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recording conversations between him and his mother and his ex.”

L provided examples of ways her husband’s devotion to his children often seemed stronger than his commitment to her and their marriage. Time with the grandparents created divisiveness in the stepcouple. Their bond was tested when her husband created situations where his children “must” stay with his parents. L would not permit the stepchildren to visit her home when her husband was working. She recalled that her husband manipulated his work schedule so that his children had to stay with his parents, despite L’s strong objections to the negative influences of her in-laws on her stepchildren: “…I don’t want the kids to stay at her house, because she and grandpa say negative remarks about me…” This was a winless situation for L. She had reasons for not wanting to stepparent alone and for not wanting the children’s visitation interrupted by visits to her in-laws: “I hate [it], because then the kids come back [from L’s in-laws] like spoiled brats, throwing tantrums and crying the rest of the time they are here.” Her husband likely felt justified in encouraging his children to visit their grandparents. L would not stepmother while alone, and he wanted his children to be able to see their grandparents. This couple could not compromise, leaving L feeling without emotional support, and believing her husband manipulated situations against L’s specific wishes, creating a strong sense of betraying her trust.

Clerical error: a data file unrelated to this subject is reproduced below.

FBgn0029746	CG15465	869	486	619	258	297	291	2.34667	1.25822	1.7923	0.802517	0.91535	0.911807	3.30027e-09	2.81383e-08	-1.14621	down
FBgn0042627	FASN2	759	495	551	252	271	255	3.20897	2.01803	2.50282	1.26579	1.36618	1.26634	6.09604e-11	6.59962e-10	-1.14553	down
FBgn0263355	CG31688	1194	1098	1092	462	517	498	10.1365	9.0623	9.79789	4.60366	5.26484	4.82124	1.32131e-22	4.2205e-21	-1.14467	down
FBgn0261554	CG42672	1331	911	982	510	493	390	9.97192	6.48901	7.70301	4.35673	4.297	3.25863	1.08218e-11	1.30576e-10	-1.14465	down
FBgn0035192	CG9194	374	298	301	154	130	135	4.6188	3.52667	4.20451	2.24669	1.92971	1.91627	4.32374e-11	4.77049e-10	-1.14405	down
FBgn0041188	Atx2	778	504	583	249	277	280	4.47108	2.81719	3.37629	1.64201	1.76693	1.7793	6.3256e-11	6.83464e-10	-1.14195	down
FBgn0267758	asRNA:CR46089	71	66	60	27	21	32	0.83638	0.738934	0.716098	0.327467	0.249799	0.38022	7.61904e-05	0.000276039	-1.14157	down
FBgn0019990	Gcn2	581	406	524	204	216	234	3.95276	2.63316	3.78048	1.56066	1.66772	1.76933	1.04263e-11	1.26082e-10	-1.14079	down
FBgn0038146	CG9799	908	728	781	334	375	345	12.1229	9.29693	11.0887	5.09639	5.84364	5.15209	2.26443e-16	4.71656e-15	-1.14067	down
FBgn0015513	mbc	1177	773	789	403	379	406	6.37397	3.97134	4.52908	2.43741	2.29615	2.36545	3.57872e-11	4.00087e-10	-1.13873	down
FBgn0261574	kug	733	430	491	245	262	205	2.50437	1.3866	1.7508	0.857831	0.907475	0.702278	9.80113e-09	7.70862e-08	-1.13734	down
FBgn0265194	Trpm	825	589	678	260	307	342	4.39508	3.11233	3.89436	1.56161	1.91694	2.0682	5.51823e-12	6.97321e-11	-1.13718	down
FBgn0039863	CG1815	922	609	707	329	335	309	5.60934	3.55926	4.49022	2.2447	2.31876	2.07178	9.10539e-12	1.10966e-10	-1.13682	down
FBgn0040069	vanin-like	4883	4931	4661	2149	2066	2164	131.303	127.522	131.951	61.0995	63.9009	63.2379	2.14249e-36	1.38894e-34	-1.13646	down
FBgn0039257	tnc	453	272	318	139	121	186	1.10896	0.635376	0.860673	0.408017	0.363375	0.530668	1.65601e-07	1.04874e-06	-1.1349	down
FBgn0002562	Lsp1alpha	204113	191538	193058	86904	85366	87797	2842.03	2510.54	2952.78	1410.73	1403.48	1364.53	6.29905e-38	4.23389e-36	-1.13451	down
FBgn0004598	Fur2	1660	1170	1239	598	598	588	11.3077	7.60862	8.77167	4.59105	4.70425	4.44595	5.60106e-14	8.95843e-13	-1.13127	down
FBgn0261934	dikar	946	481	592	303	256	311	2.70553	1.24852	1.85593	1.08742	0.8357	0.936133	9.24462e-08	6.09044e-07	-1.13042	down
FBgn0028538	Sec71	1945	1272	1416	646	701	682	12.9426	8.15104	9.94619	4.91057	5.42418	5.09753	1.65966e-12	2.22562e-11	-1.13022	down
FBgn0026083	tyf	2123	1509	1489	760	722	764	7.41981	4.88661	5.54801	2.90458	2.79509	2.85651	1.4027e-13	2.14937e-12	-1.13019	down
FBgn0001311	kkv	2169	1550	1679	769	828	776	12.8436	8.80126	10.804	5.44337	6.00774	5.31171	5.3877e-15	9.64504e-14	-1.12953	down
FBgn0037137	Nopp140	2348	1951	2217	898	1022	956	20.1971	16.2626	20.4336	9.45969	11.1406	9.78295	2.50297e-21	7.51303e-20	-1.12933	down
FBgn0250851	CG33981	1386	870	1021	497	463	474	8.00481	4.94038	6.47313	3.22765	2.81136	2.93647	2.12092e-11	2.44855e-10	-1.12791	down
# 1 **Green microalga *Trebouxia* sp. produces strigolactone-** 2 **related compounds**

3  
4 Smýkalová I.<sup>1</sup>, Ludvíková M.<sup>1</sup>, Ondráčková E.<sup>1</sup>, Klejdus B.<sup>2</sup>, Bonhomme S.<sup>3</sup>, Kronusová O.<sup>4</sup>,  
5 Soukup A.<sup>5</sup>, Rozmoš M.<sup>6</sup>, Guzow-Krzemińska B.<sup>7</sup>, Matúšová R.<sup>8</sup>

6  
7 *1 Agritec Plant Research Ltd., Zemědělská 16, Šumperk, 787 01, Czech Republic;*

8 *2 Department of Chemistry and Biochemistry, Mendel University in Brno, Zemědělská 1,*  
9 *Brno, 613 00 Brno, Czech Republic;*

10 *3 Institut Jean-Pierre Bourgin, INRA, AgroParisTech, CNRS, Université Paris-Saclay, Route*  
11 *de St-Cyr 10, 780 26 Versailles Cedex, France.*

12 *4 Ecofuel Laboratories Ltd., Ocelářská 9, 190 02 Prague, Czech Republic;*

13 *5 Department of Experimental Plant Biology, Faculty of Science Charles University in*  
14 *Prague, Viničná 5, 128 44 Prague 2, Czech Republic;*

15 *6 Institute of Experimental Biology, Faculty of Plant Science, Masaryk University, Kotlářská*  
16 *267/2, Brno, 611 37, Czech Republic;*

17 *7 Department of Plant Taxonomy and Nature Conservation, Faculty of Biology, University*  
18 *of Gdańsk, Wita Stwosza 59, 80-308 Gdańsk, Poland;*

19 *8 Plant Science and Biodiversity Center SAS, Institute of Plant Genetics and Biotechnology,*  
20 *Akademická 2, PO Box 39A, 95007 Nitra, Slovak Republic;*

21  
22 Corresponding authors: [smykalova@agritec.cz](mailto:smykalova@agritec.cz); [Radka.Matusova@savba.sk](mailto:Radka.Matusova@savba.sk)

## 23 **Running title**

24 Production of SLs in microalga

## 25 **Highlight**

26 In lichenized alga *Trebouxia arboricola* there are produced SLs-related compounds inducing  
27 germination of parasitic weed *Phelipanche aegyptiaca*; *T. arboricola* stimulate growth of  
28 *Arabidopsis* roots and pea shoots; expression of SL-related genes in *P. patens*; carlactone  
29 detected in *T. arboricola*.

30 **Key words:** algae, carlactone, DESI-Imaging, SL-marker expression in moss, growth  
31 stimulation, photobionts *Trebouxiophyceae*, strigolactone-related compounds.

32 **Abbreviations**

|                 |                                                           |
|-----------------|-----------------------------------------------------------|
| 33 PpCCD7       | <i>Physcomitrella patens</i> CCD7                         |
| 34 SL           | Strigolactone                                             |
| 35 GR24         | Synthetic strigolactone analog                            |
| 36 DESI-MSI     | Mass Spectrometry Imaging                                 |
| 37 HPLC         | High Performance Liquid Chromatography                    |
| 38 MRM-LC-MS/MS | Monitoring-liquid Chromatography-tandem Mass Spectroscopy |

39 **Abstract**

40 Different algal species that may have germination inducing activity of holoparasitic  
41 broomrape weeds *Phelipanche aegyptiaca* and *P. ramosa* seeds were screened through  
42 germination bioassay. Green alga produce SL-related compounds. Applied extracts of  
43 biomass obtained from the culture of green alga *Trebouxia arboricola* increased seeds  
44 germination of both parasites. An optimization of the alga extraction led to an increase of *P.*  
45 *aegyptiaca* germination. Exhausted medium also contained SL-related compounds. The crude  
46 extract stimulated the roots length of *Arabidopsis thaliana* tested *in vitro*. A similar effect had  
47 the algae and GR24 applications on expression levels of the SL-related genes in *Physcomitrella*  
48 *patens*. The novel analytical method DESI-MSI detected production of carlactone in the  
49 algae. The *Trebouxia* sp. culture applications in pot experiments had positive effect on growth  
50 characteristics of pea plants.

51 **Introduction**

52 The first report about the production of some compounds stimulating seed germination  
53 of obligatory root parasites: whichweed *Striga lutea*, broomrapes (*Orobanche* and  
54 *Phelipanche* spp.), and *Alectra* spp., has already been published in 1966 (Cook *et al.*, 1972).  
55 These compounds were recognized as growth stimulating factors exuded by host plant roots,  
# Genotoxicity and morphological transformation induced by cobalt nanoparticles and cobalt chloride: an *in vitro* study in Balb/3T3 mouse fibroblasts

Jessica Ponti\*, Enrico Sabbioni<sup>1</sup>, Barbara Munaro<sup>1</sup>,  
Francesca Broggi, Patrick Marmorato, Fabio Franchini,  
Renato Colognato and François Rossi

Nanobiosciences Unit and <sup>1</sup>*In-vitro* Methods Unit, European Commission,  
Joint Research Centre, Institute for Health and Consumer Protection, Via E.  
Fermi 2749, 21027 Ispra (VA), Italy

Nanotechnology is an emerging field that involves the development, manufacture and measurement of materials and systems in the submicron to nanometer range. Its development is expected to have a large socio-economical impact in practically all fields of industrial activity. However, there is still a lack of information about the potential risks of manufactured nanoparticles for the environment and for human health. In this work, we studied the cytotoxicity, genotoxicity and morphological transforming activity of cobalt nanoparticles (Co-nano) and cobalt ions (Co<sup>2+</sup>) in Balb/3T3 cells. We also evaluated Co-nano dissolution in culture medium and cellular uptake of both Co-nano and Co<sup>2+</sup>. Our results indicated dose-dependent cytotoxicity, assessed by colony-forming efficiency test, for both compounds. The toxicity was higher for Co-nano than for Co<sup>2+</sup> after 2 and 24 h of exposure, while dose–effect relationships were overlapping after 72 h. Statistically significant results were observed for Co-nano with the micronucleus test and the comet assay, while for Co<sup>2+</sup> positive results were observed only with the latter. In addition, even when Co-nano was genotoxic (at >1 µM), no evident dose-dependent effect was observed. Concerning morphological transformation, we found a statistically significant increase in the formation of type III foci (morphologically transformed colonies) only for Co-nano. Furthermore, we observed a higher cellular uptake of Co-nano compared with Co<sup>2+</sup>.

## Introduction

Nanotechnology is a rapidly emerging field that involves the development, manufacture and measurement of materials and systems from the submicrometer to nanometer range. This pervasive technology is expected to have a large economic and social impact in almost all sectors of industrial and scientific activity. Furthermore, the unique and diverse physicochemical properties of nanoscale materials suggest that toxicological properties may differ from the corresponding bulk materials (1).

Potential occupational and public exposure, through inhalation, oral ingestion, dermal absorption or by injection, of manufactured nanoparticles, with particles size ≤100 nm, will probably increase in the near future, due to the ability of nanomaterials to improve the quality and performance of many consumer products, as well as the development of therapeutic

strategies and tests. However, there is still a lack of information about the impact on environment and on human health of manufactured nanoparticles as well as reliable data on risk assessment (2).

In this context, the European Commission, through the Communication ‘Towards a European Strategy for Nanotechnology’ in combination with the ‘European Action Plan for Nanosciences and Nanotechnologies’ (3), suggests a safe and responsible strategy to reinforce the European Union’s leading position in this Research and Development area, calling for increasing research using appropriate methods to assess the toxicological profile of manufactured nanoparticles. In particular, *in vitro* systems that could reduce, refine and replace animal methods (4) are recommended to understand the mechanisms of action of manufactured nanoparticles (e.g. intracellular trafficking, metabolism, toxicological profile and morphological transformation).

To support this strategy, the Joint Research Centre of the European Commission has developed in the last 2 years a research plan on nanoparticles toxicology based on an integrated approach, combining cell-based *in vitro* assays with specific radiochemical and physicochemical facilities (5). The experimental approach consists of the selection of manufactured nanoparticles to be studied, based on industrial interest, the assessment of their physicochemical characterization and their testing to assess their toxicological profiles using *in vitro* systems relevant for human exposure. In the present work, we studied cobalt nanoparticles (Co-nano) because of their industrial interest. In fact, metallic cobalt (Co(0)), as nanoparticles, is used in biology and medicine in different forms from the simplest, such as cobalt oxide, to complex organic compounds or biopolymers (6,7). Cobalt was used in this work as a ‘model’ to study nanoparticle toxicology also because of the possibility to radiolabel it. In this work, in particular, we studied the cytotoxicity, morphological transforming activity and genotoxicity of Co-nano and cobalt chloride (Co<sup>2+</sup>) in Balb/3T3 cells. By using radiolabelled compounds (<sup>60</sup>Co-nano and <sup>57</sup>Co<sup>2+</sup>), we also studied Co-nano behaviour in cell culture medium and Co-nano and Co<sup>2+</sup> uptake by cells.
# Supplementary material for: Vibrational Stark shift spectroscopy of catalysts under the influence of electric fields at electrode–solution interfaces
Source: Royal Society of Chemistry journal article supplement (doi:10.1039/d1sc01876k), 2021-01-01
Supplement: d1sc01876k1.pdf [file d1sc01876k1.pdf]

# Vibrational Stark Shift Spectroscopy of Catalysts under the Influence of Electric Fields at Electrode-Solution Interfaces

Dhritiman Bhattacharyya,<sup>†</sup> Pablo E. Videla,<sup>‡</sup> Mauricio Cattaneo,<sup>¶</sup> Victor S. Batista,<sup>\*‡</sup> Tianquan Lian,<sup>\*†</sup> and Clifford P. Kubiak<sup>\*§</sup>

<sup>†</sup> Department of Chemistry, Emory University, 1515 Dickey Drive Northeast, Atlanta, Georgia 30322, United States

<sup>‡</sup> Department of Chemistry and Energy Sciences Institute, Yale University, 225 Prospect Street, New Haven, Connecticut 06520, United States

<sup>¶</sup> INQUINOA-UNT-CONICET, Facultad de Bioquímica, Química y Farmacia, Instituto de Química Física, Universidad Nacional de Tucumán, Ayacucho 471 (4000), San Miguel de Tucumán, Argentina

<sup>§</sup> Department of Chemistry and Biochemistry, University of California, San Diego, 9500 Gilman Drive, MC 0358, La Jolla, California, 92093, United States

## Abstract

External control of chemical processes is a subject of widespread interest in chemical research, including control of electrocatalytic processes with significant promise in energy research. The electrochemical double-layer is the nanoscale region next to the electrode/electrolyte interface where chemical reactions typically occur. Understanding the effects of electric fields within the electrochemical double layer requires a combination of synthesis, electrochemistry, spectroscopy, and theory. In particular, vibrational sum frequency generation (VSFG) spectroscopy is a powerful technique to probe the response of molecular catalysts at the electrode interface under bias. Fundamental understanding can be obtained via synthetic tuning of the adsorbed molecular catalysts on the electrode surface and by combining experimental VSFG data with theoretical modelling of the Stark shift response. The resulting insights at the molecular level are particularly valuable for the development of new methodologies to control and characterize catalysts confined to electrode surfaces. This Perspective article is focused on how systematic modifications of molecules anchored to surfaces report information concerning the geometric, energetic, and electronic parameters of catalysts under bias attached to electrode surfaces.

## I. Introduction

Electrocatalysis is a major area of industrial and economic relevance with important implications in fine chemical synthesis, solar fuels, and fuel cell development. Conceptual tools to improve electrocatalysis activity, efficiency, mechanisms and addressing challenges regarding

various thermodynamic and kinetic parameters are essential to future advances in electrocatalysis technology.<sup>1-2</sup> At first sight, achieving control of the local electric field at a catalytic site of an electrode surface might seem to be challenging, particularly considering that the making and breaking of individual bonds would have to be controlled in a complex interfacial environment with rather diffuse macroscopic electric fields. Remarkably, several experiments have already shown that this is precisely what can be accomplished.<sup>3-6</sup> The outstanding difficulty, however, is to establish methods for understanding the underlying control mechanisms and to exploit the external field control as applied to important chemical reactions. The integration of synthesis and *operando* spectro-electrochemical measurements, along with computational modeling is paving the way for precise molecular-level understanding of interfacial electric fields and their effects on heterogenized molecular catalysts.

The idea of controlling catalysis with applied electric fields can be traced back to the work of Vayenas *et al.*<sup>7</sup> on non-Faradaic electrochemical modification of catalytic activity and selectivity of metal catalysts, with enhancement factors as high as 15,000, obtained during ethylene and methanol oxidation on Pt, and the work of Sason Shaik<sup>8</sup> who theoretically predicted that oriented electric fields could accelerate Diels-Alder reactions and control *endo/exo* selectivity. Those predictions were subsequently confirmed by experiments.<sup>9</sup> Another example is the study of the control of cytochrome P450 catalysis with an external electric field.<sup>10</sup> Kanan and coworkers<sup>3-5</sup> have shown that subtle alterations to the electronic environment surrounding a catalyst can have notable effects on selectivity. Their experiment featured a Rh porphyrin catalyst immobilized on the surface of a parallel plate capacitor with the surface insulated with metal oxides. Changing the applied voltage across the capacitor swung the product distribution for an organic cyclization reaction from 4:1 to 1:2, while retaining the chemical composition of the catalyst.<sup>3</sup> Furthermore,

L yearned for a combined family portrait, with no success arranging it. She required cooperation from her husband, whom she did not trust. This stepfamily’s continued sense of dichotomy, as well as the lack of trust and dependability, directly related to stepfamily factors.

L described significant difficulties stepmothering her husband’s children. She felt rejected by them and unsupported by her husband: “He would have conversations with them when I wasn’t around to hear what was being said. Then he would tell me that he said stuff and then what they said, which I didn’t believe. He never told them in front of me that they had to have respect and listen and do what I ask of them…” Clearly, L felt that her husband was not supportive of her, and she needed to protect herself against her stepchildren and her husband’s advocacy of his children. This affected their marital bond in that L’s perception of her husband changed her expectations of him: he was not acting as her partner, so she was on her own.

Her rejection of her stepchildren was overt, resulting in her threat to leave the family. It was that threat that finally brought her husband to her side; prior to that, they struggled against a cycle of L’s feelings of rejection by his children, and her rejection of them.

L planned to prevent future rejection: “…this summer will be different: I am going to Arizona and maybe look for a job. And if not, I’m going to work here…all summer so they will only get to come every other weekend unless [my husband] takes them to Disneyland grandma’s.” This indicated that she perceived her stepchildren to be a burden. Further, L could not trust her husband to maintain the changes she asked for; he was not yet viewed as a supportive co-parent with her for his children. He was, though, “…very good to my children, ages 16 and 18 and this can’t be an easy thing for him either.” She perceived his supportive stepfathering as his saving grace.

Respondent 5. B described her husband as unaware of his child’s manipulation,

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